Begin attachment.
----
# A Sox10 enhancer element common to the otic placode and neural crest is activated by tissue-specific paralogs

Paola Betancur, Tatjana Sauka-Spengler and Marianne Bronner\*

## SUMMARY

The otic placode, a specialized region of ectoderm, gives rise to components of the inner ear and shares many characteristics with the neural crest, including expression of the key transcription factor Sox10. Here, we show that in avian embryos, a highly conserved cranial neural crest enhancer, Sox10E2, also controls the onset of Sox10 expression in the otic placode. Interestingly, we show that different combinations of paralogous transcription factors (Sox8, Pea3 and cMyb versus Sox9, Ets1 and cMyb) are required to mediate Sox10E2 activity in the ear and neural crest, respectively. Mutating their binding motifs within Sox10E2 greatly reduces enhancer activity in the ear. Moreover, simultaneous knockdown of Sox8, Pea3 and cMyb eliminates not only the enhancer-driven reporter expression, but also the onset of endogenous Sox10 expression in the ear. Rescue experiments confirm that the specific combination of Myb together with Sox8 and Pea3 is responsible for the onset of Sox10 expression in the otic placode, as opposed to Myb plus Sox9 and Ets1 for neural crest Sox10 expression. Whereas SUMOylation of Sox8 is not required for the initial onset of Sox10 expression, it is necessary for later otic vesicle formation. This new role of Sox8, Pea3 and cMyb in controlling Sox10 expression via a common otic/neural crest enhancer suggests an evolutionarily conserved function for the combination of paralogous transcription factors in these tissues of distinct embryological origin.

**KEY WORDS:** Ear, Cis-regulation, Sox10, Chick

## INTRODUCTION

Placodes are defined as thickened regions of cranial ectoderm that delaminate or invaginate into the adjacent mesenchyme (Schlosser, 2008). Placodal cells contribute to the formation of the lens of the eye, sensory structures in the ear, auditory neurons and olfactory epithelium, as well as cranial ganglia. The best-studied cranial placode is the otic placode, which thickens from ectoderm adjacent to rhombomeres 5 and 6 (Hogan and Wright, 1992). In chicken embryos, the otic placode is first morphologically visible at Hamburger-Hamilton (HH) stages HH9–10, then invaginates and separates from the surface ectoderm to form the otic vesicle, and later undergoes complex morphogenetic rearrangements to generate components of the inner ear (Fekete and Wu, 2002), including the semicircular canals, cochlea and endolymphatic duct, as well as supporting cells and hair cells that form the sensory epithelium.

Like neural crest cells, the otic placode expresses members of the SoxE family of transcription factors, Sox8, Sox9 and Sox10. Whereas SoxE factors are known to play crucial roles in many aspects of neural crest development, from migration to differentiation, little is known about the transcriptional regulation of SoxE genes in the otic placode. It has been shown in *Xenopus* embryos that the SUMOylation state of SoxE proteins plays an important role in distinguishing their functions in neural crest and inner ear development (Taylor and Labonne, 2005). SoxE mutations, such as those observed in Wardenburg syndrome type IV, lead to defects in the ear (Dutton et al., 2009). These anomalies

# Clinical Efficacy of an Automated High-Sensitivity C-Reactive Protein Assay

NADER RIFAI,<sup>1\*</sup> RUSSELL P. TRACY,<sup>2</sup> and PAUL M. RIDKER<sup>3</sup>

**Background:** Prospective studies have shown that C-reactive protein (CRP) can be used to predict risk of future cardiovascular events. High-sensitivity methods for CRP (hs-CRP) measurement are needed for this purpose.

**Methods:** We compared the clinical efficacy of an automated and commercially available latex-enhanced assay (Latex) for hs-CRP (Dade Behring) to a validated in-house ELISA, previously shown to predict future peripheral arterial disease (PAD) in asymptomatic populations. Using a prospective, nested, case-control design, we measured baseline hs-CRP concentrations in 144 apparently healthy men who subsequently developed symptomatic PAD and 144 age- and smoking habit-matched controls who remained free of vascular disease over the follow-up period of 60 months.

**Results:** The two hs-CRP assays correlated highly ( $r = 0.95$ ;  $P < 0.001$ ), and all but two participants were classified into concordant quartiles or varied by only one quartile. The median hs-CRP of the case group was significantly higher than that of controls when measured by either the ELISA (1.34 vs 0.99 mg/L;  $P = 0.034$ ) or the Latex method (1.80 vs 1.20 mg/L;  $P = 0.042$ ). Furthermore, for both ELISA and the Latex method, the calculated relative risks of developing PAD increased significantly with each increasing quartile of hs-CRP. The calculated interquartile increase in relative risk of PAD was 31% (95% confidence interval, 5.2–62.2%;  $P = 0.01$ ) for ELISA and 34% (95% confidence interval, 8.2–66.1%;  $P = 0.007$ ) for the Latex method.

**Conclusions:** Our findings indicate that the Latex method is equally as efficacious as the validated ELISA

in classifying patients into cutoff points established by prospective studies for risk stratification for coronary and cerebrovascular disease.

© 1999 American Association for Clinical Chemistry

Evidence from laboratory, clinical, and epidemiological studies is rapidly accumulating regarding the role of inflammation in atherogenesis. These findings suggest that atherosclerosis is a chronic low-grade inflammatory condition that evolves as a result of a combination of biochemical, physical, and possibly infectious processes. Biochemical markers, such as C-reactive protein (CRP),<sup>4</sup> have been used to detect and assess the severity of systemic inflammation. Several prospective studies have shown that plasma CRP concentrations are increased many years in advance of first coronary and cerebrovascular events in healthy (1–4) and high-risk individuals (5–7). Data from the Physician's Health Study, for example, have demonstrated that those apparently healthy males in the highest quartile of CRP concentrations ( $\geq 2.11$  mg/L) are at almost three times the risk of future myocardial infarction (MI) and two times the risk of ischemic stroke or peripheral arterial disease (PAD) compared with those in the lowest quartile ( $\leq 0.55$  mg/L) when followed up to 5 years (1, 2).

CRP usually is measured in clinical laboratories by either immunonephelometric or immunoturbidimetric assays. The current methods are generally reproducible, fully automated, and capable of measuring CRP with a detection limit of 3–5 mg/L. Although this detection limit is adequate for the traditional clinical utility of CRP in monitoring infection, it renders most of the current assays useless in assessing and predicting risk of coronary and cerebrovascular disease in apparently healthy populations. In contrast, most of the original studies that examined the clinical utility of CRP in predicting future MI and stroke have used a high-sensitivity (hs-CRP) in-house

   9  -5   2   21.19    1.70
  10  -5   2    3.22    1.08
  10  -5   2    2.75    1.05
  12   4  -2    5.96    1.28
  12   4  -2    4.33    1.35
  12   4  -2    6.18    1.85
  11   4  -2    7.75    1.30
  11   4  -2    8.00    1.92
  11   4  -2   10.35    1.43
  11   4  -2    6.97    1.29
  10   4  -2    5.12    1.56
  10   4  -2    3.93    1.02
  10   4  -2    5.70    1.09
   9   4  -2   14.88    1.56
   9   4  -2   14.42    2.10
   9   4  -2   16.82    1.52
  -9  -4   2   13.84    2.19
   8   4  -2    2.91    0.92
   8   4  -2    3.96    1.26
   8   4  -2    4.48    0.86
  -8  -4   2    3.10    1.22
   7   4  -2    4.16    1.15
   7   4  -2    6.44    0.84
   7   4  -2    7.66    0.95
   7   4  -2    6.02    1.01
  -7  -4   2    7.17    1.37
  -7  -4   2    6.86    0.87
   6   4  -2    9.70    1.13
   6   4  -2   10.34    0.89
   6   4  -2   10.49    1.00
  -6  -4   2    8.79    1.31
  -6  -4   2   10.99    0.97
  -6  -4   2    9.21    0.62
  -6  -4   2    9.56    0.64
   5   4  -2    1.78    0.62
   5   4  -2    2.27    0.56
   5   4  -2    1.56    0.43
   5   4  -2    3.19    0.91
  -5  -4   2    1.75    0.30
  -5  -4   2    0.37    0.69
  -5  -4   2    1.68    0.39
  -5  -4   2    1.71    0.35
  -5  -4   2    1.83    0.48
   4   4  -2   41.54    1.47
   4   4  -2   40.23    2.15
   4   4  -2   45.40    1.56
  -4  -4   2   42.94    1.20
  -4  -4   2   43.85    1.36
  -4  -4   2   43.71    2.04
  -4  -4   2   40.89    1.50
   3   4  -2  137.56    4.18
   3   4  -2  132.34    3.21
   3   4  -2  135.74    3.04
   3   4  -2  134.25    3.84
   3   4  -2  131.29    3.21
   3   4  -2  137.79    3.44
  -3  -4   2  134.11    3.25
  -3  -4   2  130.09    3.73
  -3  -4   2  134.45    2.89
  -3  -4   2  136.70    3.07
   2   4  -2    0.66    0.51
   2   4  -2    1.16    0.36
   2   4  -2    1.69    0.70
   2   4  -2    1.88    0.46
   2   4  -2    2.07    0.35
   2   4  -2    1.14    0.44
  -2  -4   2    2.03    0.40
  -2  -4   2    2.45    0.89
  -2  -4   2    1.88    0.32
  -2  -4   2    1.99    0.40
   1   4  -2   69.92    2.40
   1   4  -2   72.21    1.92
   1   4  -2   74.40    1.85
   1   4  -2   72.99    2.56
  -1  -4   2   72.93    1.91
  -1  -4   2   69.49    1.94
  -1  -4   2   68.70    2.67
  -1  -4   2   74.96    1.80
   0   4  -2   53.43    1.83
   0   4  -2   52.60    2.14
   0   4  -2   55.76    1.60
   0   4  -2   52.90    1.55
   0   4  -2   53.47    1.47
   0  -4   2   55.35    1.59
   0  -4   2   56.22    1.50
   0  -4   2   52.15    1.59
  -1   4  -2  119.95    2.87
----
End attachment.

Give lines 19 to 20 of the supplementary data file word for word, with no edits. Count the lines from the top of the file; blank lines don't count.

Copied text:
   9  -5   2   21.19    1.70
  10  -5   2    3.22    1.08